Some companies sit in a conference room and “ideate” on the perfect value proposition. They come up with doozies about “marketing spend optimization”, “multi-channel reach” and “cross-platform sales engagement,” as if they were trying to make sure no understands what the hell they do.
Instead of stringing together buzzwords on a whiteboard, make 10 cold calls and send 10 cold emails per week – especially if you’re a CEO. Your pitching skills will get 10 times better, and you will learn things about your customers and your company that you would never discover otherwise. Maybe one out of 10 cold calls results in a deal, and that’s fine. The real art of cold calling is discovering how your company can become indispensable.
Using real-life examples, I’m going to show you the difference between a good pitch and bad pitch so you can start cold calling and get invaluable feedback now.
The Good Pitch Formula
In two sentences, can you tell me who you are and what value you can offer my company? Can you do this on a phone call or in an email? If not, we have work to do.
Let’s start with a distinction: there is a difference between what you do as a company and the value you offer to the consumer. EVENTup, the company I currently run, is a “two-way events marketplace”, but that does not belong in a pitch. That’s the what. Depending on whether I call an event planner or venue owner, here are two different values I can offer:
- Event planner – We do the research and hard work for you. You tell us what you are looking for, starting with the venue, and we will send you links to great matches.
- Venue owner – We can get you visibility, drive consumers to your venue and help you make more money.
Did I leave out details? Of course – pitches should be minimalist. Yet out of habit or doubt, a lot sellers add the junk I’m going to talk about next.
The Bad Pitch Folder
Most sellers can’t explain what they offer in an engaging way. I know this because I get cold calls and cold emails all the time. The most cringe-worthy emails go into a folder titled “Bad Pitches” so I can share them with my sales team and tell you about them.
In a pitch, one of the worst (and most common) mistakes is to imply that you will waste the potential customer’s time. Here’s an example:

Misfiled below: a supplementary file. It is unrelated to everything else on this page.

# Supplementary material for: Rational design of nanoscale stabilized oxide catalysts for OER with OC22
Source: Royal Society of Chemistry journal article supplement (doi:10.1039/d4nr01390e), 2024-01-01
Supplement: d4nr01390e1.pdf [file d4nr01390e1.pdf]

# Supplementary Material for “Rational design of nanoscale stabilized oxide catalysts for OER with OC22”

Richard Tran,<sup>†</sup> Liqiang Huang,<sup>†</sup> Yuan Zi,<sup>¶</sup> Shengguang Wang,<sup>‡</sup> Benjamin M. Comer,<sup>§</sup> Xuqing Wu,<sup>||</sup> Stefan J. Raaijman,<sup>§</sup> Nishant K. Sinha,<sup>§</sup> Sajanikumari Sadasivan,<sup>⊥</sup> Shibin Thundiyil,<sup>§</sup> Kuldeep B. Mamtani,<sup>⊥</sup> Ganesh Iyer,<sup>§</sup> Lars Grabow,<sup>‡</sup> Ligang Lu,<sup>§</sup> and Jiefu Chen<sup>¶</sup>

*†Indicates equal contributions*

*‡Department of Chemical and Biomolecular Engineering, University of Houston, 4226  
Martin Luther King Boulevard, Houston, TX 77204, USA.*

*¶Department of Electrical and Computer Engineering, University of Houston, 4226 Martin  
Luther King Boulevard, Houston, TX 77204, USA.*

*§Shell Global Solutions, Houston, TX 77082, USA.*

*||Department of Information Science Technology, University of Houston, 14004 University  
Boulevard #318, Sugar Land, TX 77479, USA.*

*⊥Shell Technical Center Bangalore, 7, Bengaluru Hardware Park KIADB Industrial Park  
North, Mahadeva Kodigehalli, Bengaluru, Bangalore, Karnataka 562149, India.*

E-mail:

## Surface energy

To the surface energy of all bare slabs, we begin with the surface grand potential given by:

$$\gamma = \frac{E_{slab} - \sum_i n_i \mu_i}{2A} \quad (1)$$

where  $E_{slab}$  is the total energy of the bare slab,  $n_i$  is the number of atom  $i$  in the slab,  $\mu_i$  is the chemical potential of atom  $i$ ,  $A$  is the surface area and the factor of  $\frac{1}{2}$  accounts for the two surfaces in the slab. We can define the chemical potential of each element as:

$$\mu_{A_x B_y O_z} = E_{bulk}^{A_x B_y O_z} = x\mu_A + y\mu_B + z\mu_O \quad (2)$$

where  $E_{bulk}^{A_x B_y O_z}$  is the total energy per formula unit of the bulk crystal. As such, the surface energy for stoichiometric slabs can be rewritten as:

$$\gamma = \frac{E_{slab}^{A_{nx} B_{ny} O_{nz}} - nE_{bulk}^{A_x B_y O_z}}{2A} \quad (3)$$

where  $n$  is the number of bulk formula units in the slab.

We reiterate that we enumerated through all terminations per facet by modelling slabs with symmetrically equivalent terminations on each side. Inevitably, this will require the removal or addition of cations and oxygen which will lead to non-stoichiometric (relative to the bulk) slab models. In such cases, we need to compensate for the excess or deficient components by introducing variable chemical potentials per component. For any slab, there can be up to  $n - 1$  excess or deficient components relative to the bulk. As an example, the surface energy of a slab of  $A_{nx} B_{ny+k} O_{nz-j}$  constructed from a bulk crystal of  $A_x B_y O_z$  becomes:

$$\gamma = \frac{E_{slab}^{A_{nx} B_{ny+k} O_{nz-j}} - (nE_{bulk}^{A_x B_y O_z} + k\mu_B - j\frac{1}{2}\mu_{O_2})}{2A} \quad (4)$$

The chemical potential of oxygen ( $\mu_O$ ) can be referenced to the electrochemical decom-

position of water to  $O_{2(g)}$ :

- “Hi Jayna, My name is ____ and I apologize in advance if my message is not relevant for you, however I would appreciate if you could take a quick glance at it.”
Pre-apologies tell customer that your service is notvaluable. If you’re afraid of being annoying, you will be annoying. Billboards don’t apologize, and neither should you.
Another common mistake is to knowingly contact the wrong person:
- “Hi Jayna, I’m sorry to bother you but could you introduce me to the person who leads your web and brand strategy?”
Nope, have you heard of LinkedIn? At least act like I am the right person.
Finally, a third common mistake is to be longwinded. Do the two-sentence pitch, and then get the prospect talking. If I’m speaking with the event planner at a small company, I’ll ask: are you working on any events right now? How many events do you do each month? How do you normally find venues? The conversation is about their needs and how you can help them.
If you cold email, ask for 5 minutes on the phone and include links to something useful. For event planners, I send links to three local venues that could be good options for their holiday party, summer bash or whatever is seasonal.
You never know what ideas will spring from cold calls and emails. Look for common objections and themes. They will tell you what to change in your pitch, or what to change in your product.
Instead of coming up with excuses for not cold calling, just do it. Get on your CRM or LinkedIn right now. Pick a prospect. Get on the phone. Thank me later.
Follow me on the Forbes blog here.